Increase visibility and discoverability of your research with ORCID (via Zoom)
What is one of the most important things you can do to increase your impact as a researcher? Set up a free ORCID iD, your lifelong digital identifier!
Team up with one of our ORCID experts for a free one-on-one consultation (via Zoom) hosted by UW-Madison Libraries.
Registration: Register for your free one-on-one ORCID consultation
Dates/ Times: Wednesday, October 19 and Thursday, October 20, between 9 am and 4 pm in 30-minute increments.
One-on-one consultations will last approximately 30 minutes each. An ORCID expert will coach you through the process of creating your ORCID account and connecting it to your research. Already have an ORCID account? No problem! We will show you how to get the most out of an existing account(s).
All UW-Madison students, faculty, and staff are welcome.
What is ORCID?
People use “ORCID” or “ORCID iD” interchangeably, but what they’re talking about is a 16-digit number and the associated record (sometimes called a profile) that stores automatic links to all your research, and links all your research with you. ORCID is completely free.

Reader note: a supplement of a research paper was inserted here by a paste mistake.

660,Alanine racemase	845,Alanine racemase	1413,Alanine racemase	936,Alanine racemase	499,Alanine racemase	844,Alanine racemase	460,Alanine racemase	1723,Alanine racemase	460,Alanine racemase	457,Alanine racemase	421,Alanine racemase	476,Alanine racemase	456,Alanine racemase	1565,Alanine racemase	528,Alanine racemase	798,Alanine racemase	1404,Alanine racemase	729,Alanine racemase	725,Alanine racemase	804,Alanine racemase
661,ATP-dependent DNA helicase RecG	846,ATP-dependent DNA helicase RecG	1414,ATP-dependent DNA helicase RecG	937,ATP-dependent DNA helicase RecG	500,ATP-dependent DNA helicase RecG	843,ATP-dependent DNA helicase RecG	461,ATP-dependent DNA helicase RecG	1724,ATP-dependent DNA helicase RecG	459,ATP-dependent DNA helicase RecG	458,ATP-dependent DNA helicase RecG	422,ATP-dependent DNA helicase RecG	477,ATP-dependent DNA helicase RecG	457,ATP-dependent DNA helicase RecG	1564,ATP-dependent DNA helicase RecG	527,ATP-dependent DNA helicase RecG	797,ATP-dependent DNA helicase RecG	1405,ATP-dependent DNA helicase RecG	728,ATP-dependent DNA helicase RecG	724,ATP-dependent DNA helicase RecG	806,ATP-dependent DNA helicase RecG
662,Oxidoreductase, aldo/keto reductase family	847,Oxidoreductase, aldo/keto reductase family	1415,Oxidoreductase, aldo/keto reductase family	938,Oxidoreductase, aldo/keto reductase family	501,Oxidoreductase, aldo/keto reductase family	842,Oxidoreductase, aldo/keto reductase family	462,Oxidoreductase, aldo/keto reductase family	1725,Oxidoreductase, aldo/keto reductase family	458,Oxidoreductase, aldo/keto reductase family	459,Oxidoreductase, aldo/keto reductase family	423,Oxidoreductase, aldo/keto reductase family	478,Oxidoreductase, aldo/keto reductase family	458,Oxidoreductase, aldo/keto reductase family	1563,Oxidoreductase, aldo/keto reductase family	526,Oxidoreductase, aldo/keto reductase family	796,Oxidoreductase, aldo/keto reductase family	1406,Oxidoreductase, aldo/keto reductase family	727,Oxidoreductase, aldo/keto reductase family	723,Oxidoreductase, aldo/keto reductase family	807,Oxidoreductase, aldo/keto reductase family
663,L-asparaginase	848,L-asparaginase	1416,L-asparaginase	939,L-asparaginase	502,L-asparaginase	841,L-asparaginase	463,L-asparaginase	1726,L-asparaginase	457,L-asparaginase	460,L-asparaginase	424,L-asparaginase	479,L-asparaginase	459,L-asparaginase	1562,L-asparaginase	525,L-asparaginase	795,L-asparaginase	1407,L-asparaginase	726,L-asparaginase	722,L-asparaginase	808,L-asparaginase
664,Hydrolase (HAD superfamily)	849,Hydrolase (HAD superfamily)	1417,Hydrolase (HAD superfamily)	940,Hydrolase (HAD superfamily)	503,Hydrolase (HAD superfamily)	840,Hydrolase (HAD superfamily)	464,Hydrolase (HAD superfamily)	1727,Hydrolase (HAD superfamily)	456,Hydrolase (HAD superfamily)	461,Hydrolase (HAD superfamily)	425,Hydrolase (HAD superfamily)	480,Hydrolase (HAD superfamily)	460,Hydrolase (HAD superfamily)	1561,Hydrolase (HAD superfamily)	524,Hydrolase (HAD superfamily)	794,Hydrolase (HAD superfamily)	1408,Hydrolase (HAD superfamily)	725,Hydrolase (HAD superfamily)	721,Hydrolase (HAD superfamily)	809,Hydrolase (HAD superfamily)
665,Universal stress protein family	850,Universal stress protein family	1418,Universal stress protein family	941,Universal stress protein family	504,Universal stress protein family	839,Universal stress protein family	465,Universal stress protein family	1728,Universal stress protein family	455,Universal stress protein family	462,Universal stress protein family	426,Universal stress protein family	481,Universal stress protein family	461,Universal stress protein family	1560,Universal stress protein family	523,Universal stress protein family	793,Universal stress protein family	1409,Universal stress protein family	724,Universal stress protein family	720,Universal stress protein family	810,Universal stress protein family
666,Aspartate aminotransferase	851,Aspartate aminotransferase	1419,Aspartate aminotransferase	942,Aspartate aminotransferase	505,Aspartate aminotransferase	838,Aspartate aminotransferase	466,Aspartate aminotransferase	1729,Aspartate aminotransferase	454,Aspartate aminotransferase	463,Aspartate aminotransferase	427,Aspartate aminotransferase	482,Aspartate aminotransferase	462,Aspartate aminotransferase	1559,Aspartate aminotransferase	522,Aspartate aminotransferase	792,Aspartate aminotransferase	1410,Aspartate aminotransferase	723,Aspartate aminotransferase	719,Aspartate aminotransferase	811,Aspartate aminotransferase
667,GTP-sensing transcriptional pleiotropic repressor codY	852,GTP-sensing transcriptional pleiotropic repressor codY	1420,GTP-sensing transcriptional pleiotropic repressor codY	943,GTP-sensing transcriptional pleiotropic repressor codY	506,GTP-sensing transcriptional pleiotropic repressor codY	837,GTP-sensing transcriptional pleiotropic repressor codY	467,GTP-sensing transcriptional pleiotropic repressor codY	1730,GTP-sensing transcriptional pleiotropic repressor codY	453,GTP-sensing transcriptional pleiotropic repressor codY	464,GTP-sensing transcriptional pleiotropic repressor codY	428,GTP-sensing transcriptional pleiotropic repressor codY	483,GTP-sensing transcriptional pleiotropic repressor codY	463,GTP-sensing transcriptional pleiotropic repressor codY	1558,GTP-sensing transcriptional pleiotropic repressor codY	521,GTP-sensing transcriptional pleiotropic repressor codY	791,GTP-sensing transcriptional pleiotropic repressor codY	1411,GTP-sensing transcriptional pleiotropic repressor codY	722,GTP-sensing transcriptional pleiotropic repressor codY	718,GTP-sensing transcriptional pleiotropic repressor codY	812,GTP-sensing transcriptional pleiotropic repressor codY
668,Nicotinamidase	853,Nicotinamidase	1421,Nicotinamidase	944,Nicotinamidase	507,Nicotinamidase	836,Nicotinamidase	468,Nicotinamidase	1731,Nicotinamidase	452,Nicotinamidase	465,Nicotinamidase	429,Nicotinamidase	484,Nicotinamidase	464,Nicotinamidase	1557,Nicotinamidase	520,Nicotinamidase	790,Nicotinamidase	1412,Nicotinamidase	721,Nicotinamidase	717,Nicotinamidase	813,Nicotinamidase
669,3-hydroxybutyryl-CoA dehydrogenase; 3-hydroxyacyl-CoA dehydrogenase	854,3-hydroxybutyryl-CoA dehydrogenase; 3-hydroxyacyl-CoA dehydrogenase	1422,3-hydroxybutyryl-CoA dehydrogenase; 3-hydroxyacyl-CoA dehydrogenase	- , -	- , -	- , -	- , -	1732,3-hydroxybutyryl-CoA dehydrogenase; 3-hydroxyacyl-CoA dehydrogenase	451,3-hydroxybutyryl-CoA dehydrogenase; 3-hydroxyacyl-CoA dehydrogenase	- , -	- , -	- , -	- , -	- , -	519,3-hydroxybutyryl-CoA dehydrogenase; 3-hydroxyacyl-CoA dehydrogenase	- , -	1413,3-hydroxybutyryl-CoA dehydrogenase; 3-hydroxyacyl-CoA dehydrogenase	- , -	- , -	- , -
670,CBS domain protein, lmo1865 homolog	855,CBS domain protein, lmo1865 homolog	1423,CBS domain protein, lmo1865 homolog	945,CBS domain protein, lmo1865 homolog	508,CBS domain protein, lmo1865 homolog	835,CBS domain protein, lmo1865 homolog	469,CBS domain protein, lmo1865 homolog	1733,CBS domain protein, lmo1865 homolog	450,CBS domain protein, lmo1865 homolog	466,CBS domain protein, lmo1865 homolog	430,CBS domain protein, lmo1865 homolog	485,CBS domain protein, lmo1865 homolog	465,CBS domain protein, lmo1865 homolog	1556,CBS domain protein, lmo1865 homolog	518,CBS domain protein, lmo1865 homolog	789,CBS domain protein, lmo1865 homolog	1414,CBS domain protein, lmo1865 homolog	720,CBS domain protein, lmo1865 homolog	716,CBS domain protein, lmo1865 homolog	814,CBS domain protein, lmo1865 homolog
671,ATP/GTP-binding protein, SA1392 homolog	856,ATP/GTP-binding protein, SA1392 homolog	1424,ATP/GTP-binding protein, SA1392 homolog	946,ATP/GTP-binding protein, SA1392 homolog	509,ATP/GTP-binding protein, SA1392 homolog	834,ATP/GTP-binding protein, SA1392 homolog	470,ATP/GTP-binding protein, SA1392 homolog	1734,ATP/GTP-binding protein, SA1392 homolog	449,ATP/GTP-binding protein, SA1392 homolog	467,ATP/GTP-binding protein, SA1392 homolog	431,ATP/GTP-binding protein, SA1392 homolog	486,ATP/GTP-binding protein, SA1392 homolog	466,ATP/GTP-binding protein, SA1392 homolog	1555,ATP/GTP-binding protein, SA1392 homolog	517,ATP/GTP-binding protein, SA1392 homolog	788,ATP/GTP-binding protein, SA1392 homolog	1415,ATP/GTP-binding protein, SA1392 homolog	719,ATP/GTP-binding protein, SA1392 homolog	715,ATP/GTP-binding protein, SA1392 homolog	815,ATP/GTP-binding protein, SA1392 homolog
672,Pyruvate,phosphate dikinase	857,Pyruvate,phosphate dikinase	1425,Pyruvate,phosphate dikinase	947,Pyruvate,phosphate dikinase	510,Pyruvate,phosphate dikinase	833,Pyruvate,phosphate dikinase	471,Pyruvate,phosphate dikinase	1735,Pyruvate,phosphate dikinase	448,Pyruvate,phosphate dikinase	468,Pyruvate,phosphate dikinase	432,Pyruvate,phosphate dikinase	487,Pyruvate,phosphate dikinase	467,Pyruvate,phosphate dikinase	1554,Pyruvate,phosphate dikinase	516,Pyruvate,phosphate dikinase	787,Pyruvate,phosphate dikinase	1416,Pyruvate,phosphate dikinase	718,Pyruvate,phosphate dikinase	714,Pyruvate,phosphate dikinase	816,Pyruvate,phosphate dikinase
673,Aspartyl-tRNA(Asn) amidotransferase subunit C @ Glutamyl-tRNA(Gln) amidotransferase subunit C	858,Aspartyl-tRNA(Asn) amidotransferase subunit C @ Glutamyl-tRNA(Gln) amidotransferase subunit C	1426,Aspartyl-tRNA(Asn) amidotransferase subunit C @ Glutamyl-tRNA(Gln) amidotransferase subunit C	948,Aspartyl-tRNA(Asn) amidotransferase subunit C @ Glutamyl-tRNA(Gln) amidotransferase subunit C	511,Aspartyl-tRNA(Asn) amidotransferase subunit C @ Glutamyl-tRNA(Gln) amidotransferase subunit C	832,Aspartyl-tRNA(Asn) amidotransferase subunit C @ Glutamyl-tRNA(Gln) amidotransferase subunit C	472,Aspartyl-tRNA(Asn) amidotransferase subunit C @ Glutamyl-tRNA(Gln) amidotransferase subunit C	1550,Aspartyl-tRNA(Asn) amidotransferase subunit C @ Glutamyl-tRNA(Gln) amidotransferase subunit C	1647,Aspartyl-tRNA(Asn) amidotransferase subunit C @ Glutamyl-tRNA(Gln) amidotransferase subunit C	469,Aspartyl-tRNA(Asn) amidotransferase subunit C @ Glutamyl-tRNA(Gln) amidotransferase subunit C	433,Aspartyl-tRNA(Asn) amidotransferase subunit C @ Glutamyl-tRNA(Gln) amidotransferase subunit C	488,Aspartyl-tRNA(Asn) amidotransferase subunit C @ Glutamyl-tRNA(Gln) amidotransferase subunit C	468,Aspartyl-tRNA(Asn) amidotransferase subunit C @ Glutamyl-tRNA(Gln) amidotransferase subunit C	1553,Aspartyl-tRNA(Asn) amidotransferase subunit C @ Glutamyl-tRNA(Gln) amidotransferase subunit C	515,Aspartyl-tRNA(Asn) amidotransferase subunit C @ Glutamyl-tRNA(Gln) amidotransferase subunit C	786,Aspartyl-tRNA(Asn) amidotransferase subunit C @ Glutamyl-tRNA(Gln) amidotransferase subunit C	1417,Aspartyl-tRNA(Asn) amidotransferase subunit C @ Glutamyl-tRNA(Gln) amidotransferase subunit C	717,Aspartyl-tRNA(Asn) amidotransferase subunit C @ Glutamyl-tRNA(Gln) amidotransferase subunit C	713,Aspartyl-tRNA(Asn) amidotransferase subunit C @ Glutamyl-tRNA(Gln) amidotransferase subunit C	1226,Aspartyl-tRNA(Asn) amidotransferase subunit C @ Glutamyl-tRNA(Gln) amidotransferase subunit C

- Distinguish yourself and claim credit for your work while controlling access to your data, no matter how many people have your same (or similar) name.
- Experience greater ease as an increasing number of manuscript submission or grant application forms can be auto-populated when you log into their systems with your ORCID
- ORCID helps reduce the negative consequences of name changes so you will no longer be limited to the name you used when you began your career.
- ORCID links all your research together, while you control the visibility of each piece of data. Set your visibility to public to increase your discoverability!
- Source: https://info.orcid.org/researchers/#why
Who should set up an ORCID iD?
Anyone that has research output (or plans to one day)! Seriously.
- Graduate students and early career professionals: Set up an ORCID as soon as possible so that you can use it to build your reputation as a researcher and further your career.
- Established researchers: free up time for research and distinguish your research activities from others with similar names and affiliations.